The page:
Turkish President Recep Tayyip Erdoğan has agreed to support Sweden’s bid to join the North Atlantic Treaty Organization (NATO), a last-minute about-face that delivers a symbolic win for the military pact ahead of its summit on Tuesday.
Late Monday, NATO Secretary-General Jens Stoltenberg announced that Erdoğan would push for Sweden’s ratification into NATO. It was a pretty remarkable turnaround from Erdoğan, whose objections seemed to deepen earlier Monday, when he tried to tie Sweden’s NATO prospects to Turkey’s ascension to the European Union.
Sweden had already made a series of concessions to Turkey to persuade Erdoğan, and Stoltenberg, the United States, and other NATO allies had spent recent days trying to convince Erdoğan to end his months-long obstruction. Allies are gathering in Vilnius, Lithuania for this year’s NATO summit, and Turkey’s objections undermined the sense of cohesion the alliance sought to project. It also distracted from the other difficult diplomacy leaders are working on this week, most notably, the question of Ukraine’s future NATO membership.
Glad to announce that after the meeting I hosted with @RTErdogan & @SwedishPM, President Erdogan has agreed to forward #Sweden's accession protocol to the Grand National Assembly ASAP & ensure ratification. This is an historic step which makes all #NATO Allies stronger & safer. pic.twitter.com/D7OeR5Vgba— Jens Stoltenberg (@jensstoltenberg) July 10, 2023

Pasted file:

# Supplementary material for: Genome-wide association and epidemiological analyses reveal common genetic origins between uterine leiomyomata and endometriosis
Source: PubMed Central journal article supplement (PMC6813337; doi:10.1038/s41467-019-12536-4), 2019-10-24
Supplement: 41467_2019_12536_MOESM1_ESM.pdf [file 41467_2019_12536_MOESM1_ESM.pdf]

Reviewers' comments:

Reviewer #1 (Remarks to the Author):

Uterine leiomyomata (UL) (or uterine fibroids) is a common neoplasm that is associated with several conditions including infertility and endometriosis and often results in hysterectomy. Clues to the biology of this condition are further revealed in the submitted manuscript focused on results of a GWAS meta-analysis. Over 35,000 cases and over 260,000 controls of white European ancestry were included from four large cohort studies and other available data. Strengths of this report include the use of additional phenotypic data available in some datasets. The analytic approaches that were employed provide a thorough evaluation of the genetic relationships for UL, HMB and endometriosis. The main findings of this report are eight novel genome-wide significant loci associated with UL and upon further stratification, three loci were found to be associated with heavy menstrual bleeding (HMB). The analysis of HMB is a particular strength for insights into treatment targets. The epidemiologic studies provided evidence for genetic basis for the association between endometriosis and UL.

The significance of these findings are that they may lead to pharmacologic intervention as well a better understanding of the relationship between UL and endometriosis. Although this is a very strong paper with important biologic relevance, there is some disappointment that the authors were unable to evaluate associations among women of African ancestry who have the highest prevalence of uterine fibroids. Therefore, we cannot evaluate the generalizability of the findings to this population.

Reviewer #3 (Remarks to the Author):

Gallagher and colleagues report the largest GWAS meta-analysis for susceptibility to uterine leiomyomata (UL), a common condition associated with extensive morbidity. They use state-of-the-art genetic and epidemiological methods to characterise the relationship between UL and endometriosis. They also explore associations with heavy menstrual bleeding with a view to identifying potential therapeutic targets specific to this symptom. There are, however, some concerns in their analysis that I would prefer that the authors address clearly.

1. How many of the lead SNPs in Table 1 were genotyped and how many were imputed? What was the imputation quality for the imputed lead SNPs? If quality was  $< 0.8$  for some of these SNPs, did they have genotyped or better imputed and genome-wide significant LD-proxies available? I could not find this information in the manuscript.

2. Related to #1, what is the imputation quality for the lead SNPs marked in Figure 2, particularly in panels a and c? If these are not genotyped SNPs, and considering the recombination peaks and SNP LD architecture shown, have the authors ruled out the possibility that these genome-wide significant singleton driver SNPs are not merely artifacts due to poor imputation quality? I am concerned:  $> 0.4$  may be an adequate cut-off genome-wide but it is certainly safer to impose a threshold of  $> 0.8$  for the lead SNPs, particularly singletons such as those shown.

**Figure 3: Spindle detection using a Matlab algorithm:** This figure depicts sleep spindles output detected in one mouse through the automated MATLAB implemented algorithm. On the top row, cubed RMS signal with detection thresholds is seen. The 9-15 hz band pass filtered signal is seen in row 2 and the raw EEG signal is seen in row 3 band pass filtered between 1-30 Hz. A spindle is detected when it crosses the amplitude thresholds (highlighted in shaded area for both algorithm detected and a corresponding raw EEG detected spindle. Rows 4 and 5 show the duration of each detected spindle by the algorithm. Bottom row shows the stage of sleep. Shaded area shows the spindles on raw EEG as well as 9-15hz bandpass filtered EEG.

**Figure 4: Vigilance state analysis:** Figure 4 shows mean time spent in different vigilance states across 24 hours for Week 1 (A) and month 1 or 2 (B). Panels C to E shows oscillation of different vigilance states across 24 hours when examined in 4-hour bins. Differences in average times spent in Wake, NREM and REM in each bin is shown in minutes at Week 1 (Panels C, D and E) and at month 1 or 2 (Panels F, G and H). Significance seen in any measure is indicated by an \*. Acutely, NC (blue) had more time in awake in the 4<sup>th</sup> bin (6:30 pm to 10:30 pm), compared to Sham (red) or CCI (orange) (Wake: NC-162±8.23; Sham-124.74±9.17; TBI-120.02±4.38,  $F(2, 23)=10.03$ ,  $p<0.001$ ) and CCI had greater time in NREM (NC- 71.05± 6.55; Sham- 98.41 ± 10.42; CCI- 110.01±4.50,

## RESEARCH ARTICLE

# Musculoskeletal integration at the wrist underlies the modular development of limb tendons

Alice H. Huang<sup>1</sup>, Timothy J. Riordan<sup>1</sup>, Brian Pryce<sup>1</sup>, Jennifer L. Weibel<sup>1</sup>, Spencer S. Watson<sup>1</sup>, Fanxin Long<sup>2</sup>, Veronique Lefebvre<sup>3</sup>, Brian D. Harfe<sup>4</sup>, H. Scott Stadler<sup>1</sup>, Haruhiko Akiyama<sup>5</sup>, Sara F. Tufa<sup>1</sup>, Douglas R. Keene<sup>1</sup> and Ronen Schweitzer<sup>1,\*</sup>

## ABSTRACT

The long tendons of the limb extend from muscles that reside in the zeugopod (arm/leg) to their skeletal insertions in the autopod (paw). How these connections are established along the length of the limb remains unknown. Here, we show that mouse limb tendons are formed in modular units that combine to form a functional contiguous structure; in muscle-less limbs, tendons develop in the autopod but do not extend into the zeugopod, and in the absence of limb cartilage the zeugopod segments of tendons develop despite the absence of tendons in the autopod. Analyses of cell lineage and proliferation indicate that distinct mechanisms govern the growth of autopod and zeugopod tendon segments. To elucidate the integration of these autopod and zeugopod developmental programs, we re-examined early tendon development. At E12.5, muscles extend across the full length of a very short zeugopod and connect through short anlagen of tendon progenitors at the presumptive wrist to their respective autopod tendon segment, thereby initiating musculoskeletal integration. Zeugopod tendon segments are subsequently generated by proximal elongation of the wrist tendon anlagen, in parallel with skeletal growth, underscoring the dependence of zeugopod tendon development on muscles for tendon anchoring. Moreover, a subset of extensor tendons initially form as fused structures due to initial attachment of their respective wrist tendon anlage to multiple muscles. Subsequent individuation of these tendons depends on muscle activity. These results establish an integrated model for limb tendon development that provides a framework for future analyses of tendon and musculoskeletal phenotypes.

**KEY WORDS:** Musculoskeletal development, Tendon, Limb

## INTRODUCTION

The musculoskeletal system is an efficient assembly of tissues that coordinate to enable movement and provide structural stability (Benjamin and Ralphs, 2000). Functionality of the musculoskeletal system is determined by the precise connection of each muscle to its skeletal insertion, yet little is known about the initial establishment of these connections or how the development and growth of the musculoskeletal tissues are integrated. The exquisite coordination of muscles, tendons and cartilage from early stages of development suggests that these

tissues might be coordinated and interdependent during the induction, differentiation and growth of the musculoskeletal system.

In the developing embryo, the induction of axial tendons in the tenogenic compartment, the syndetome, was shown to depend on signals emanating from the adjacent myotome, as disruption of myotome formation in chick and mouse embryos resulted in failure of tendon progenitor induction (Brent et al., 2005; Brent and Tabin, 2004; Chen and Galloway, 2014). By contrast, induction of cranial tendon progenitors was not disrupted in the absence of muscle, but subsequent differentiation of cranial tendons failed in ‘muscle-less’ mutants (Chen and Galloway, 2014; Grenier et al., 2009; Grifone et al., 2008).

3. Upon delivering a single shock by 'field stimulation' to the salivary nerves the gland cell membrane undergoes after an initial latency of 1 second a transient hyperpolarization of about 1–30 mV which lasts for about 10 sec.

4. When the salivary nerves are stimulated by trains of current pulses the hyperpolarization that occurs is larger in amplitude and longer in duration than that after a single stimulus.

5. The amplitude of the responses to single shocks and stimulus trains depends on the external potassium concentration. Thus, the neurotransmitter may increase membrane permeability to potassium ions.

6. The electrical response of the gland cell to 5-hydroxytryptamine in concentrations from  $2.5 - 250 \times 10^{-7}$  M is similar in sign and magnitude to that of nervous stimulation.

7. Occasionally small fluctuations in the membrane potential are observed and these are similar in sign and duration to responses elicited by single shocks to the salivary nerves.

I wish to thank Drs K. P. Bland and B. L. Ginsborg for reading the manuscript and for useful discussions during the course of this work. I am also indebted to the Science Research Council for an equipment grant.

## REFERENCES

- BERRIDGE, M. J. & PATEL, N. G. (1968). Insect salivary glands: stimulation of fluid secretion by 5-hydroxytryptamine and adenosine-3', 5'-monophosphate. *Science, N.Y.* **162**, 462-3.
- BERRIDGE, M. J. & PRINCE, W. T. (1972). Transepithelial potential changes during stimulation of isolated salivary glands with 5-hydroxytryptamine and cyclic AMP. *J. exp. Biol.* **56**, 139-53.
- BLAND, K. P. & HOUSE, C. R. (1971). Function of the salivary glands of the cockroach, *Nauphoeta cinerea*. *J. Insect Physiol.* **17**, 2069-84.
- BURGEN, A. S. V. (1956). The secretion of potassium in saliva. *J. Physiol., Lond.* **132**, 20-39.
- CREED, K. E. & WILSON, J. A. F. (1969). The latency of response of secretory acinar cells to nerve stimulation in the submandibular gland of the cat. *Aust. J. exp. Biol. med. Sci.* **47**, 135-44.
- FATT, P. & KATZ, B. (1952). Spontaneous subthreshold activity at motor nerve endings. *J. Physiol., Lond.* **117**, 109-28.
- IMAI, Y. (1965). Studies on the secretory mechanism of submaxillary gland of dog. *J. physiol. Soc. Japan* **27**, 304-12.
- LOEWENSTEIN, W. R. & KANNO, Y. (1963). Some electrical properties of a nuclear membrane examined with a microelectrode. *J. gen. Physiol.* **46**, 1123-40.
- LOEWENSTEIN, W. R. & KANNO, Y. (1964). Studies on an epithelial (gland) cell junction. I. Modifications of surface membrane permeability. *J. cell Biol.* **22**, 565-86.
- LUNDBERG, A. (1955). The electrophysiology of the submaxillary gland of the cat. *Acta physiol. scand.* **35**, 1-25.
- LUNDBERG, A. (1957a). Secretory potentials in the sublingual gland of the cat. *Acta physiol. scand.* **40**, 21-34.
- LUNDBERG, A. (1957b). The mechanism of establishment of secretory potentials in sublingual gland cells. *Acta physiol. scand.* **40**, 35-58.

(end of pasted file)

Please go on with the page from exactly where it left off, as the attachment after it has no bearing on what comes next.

Turkey’s parliament (along with Hungary’s) must still ratify Sweden’s membership, so this is not a totally done deal yet. But NATO can still claim a big victory — and, er, a totally natural photo-op — as the summit begins. This is more than just symbolism, though. This year, NATO expanded, and will gain two new members, bringing the total to 32. Finland (which officially joined in April) and Sweden had long pursued policies of nonalignment, cooperating with NATO, but staying firmly outside the pact. But Russia’s invasion of Ukraine forced Finland and Sweden to reconsider their security interests, and see ascension as a deterrent to future Russian aggression.
Finland’s and Sweden’s membership, then, is a defeat for Vladimir Putin, whose war in Ukraine ultimately spurred the enlargement and potentially, the reshaping, of the alliance. NATO wants to seize on this moment to reinvigorate its mission and reimagine its role in the defense of Europe and its position in the world.
The NATO-Turkey-Sweden drama, briefly explained
Last summer, in the wake of Russia’s invasion of Ukraine, Finland and Sweden dropped their long-held stance of nonalignment and announced their intention to join NATO. The two European Union countries had a long history of cooperating closely with the alliance, and both are strong, stable democracies — typically the ideal formula for a smooth membership.
Erdoğan saw it differently. The Turkish leader opposed their bids because of what he saw as the countries’ support for Kurdish groups that he regards as terrorist organizations, and because of the countries’ arms embargoes on Turkey. At last year’s NATO summit in Madrid, Turkey, Finland, and Sweden all agreed to a memorandum of understanding that seemed to resolve these issues.
But it didn’t last. Though the Turkish leader ultimately allowed Finland to join, he continued to block Sweden’s entry, saying that it still had not been tough enough on terrorists.